buckwheat herb loafFortunately the flour in the bread in France is naturally lower in gluten, so if you just have a sensitivity, you can “push your luck” sometimes and end up with a four-leaf clover.  However, for those who have overdosed on that luck pushing, or just want a really tasty loaf of bread, this experiment proved so fruitful it would be a shame to keep in my tiny studio kitchen alone.

Buckwheat Herb Loaf

Gluten- and nut-free.  Vegan.

1 cup + 3 tbs. (140 g) buckwheat flour + a few tablespoons more for dusting pan
1/3 cup (25 g) arrowroot flour
3 tbs. (15 g) sweet rice flour (mochiko)
1 packet (9 g) dry active yeast
1 tsp. (4 g) sugar
1 cup (200 ml) warm water (not boiling, or it will kill the yeast, but not cold, or it will not provoke the yeast)
2 tsp. honey or agave nectar (vegan)
1/2 tsp. sea salt
1/8 tsp. thyme
1/8 tsp. sage
1/8 tsp. rosemary (chopped)
1/2 tbs. high heat oil (grapeseed recommended)
1 tsp. dried oregano
a few pinches flaked sea salt (optional but recommended)

Preparation time: 15 minutes
Proofing time: 2 hours
Cook time: 30-40 minutes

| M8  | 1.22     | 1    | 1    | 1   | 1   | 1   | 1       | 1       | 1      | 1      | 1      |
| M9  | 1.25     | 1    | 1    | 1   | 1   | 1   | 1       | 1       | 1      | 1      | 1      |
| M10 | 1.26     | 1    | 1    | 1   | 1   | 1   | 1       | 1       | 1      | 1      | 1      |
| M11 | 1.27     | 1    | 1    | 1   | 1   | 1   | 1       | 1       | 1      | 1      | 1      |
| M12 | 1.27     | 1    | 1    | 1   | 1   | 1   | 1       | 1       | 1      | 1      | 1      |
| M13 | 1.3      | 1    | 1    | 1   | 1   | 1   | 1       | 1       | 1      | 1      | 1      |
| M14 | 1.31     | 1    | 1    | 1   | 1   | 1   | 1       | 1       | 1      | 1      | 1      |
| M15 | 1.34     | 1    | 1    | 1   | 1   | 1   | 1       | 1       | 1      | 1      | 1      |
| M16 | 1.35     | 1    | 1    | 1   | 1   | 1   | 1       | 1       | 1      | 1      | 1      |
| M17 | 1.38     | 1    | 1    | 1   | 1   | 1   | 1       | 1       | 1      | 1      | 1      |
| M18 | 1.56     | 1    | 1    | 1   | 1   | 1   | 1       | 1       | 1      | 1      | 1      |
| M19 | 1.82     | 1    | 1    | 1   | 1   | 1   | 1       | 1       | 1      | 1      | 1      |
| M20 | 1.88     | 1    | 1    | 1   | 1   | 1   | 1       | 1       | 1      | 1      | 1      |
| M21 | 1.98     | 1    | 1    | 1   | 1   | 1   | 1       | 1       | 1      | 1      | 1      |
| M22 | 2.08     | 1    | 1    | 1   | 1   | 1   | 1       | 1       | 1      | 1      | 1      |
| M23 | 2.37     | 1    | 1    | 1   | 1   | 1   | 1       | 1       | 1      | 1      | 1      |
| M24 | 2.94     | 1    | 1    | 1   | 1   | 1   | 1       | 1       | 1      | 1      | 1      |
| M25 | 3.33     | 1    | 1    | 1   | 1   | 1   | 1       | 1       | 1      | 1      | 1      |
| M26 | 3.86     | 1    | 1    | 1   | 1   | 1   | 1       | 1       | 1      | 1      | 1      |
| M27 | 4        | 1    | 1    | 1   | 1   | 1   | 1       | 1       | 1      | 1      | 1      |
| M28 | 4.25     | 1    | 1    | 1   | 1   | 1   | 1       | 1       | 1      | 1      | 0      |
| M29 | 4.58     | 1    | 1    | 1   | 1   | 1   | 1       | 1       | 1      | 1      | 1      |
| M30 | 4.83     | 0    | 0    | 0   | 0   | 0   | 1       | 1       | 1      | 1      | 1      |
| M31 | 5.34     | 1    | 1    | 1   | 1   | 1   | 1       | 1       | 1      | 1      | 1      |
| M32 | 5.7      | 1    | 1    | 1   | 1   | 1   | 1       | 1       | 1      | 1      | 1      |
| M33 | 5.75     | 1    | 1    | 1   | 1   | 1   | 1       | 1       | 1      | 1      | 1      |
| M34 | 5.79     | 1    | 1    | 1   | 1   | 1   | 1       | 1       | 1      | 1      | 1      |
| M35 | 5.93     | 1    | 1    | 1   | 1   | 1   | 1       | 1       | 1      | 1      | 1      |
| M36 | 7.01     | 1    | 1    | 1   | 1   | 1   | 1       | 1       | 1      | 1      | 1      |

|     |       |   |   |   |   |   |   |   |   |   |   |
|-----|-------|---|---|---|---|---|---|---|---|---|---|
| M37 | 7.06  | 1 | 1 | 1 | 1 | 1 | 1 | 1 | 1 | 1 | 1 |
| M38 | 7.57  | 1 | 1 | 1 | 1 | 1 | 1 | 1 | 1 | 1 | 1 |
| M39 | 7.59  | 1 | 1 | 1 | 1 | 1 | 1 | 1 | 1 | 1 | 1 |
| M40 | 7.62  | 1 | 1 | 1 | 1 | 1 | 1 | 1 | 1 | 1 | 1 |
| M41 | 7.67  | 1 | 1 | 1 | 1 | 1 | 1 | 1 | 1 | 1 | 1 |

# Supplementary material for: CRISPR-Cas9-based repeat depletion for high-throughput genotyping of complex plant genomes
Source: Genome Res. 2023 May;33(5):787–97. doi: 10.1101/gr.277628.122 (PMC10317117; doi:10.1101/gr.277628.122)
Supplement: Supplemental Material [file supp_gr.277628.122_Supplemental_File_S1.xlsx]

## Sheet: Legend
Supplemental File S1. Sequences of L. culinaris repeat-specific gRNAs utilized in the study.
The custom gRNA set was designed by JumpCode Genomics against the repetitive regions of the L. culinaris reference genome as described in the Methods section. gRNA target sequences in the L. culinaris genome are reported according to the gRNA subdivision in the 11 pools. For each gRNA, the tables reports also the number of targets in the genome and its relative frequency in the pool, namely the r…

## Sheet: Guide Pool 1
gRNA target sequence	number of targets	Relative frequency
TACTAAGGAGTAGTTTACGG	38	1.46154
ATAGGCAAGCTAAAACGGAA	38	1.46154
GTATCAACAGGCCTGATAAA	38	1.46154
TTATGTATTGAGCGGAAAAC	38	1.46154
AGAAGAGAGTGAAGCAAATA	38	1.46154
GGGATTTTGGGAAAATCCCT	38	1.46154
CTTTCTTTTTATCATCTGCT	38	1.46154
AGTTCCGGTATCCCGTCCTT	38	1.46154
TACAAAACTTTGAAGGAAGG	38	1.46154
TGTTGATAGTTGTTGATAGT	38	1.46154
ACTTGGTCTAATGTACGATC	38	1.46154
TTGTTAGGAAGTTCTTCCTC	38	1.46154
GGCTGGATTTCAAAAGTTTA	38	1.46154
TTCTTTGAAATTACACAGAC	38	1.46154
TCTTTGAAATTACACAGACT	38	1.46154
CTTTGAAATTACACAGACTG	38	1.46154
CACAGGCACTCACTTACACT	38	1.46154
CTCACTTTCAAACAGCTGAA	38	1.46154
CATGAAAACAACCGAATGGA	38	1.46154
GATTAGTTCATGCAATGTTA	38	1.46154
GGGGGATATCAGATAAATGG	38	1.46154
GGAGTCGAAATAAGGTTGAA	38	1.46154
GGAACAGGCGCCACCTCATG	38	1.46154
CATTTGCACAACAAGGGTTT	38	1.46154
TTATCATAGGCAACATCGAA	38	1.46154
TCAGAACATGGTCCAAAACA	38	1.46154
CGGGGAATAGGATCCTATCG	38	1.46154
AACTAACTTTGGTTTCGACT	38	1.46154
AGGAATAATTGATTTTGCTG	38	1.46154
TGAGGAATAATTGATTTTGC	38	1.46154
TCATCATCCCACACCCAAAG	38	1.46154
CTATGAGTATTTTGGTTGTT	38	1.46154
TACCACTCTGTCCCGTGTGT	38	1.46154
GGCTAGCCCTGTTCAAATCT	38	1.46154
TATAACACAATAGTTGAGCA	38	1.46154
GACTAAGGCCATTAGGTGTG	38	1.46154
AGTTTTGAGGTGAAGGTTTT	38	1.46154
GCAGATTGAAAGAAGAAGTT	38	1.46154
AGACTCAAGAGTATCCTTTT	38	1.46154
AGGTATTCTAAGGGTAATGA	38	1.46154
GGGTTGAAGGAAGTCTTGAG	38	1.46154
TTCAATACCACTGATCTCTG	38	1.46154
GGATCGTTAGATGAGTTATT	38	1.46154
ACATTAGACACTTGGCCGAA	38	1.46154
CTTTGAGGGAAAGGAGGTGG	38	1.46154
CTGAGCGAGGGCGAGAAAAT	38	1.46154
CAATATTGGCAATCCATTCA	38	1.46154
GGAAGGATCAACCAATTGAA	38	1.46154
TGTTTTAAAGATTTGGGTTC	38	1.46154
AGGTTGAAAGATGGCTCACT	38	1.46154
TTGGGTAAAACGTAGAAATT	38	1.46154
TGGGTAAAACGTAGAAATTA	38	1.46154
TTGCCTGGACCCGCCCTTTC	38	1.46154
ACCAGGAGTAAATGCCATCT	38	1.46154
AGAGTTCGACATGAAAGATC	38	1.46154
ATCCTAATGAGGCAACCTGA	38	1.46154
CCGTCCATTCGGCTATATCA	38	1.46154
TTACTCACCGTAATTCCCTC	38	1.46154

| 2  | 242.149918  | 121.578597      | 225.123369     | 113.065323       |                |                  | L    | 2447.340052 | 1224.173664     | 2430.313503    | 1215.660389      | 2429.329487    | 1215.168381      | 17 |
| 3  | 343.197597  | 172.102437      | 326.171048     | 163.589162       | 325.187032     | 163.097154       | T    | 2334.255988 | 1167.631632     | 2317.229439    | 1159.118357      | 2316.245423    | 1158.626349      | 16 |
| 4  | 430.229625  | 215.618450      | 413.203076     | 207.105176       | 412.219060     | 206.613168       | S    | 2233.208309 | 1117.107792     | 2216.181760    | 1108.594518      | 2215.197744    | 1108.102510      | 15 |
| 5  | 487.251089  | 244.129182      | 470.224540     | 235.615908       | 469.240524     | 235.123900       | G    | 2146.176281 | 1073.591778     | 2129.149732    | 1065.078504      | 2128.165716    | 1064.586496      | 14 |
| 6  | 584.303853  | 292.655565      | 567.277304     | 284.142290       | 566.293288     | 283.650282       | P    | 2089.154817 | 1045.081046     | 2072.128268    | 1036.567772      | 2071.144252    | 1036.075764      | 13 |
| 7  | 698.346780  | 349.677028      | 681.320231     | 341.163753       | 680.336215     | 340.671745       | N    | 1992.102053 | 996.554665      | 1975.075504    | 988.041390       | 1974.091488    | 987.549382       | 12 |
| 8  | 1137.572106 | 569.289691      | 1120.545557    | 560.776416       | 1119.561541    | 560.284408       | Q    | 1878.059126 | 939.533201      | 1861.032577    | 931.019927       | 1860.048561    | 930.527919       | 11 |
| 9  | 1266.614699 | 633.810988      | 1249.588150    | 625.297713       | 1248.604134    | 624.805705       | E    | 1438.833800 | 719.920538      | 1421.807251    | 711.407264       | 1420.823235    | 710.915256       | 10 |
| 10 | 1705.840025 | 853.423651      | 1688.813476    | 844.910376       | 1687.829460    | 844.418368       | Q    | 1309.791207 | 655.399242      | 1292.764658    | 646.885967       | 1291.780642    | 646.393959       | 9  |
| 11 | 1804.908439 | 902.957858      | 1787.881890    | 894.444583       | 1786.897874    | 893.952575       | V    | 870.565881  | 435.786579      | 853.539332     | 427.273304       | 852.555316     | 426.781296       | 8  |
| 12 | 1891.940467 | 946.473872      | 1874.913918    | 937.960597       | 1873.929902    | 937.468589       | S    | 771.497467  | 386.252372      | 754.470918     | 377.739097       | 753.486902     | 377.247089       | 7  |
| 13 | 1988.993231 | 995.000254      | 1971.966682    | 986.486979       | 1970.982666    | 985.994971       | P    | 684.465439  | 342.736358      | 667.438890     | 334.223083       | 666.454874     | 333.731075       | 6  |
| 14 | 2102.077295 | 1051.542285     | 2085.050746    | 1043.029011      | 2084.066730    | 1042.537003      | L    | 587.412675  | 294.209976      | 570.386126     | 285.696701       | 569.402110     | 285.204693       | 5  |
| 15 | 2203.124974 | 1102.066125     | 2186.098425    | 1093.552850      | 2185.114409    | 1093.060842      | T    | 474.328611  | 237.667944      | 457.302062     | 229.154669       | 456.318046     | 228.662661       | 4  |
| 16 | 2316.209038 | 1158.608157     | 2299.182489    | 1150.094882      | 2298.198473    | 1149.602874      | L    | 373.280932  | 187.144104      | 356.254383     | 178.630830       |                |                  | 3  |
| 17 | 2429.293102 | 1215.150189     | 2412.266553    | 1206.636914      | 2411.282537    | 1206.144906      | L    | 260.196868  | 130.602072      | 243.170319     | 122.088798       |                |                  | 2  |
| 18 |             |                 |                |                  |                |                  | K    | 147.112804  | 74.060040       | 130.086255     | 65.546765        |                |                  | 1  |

Yields one large loaf

1. In large bowl, mix flours, yeast, and sugar with a whisk.  Add water, and stir with a spoon or paddle attachment of electronic mixer on low speed for 2 minutes.  Add honey, salt, thyme, sage, and rosemary.  Mix for another 8 minutes, until dough starts to hold.  Set aside as you gently oil and dust a deep 8”x8” bread pan, or any other size loaf you want.  Fill no more than half way full, as this dough will rise.
mixing2. Spatula the dough into the prepared mold, cover the pan with a damp cloth not touching the dough, and let rise 1 1/2 hours room temperature.
3. Pre-heat oven to 410 degrees Fahrenheit (210 Celcius).  Very gently brush the bread with oil, and sprinkle with oregano and sea salt.  Cover again, and set the bread to rise next to a hot surface for 20-30 minutes.
4. Bake for 5 minutes, rotate, and bake for another 5 minutes.  Reduce heat to 360 degrees Fahrenheit (180 Celcius) and bake another 10 minutes.  Reduce heat to 300 degrees Fahrenheit (150 C) to finish bread, cooking for another 10 minutes or so, until inserted pairing let it riseknife or wooden skewer comes out basically clean (some moist crumbs, but nothing sticky).
5. Remove, let cool 2 minutes before running a knife along the edges of the pan to loosen the bread.  Remove the base by sticking a spatula under the loaf, let sit a few minutes before serving.